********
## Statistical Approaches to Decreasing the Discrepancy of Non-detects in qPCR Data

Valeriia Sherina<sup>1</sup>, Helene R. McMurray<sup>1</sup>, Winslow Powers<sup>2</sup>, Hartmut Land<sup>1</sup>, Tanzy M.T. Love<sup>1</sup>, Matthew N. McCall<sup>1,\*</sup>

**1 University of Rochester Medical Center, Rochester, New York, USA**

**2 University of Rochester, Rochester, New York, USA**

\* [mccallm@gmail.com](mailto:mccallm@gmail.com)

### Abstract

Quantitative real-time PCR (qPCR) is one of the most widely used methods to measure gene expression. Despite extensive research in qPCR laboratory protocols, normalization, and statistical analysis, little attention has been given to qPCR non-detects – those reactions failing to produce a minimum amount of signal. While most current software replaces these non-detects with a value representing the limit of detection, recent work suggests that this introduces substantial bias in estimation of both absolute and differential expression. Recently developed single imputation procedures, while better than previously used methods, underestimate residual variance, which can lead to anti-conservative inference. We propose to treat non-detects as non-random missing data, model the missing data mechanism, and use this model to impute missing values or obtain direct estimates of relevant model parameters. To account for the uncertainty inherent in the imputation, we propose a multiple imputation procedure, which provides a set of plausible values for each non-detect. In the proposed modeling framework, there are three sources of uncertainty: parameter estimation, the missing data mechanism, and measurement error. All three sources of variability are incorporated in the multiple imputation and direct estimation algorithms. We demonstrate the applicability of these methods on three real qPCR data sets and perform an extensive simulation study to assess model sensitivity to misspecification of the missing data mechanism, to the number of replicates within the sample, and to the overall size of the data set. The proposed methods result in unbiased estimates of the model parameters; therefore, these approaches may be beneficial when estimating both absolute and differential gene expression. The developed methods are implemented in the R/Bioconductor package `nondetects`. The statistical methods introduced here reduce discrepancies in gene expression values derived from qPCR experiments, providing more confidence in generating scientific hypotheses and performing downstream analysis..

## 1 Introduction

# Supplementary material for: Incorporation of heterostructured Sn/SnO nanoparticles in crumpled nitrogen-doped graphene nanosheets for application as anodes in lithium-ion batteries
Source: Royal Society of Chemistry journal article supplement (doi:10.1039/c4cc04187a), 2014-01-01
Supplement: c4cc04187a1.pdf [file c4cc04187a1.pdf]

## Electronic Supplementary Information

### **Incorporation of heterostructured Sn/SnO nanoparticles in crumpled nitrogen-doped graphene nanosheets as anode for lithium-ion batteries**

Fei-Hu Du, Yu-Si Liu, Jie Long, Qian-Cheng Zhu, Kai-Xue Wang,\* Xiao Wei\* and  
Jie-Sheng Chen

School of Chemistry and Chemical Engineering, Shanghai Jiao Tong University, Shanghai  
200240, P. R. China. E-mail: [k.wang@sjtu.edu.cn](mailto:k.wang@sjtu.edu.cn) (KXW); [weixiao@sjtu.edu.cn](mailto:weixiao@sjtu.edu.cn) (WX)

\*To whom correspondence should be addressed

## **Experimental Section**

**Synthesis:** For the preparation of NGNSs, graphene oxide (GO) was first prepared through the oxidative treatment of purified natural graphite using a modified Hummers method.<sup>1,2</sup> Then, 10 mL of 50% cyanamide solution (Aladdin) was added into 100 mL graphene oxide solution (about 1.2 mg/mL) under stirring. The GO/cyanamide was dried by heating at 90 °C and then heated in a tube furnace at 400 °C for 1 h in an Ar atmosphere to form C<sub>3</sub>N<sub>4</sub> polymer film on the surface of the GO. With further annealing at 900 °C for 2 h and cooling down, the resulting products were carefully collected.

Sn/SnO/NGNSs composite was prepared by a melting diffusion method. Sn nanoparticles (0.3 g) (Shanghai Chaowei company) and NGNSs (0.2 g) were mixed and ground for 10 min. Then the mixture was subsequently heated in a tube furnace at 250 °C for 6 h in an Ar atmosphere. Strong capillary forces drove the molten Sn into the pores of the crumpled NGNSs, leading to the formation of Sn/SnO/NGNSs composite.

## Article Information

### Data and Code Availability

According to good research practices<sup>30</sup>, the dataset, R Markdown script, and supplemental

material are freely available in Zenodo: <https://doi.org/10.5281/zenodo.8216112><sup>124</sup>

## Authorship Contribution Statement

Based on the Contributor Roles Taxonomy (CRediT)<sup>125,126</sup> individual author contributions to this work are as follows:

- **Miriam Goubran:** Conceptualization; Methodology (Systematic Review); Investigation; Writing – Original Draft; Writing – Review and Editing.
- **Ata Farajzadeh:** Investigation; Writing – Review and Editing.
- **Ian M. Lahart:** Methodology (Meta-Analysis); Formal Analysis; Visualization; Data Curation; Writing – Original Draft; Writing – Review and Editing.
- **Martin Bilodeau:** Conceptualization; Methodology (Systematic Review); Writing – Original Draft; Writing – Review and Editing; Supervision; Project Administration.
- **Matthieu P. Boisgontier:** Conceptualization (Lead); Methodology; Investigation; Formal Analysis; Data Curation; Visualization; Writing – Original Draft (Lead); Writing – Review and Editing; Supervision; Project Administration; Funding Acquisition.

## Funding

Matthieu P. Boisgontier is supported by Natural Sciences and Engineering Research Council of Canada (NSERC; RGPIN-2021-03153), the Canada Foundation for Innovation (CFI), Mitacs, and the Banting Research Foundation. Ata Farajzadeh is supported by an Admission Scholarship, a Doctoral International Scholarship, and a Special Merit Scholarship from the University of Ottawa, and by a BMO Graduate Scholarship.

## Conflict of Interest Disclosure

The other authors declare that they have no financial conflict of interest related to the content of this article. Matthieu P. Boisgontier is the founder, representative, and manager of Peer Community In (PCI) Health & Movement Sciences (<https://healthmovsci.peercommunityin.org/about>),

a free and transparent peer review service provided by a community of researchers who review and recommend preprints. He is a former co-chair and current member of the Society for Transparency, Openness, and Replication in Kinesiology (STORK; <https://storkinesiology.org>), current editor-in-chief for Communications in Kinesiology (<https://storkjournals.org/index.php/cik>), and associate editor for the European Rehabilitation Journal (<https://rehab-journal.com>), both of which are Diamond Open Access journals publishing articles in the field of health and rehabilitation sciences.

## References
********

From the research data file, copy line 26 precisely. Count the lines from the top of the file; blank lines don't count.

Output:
## Authorship Contribution Statement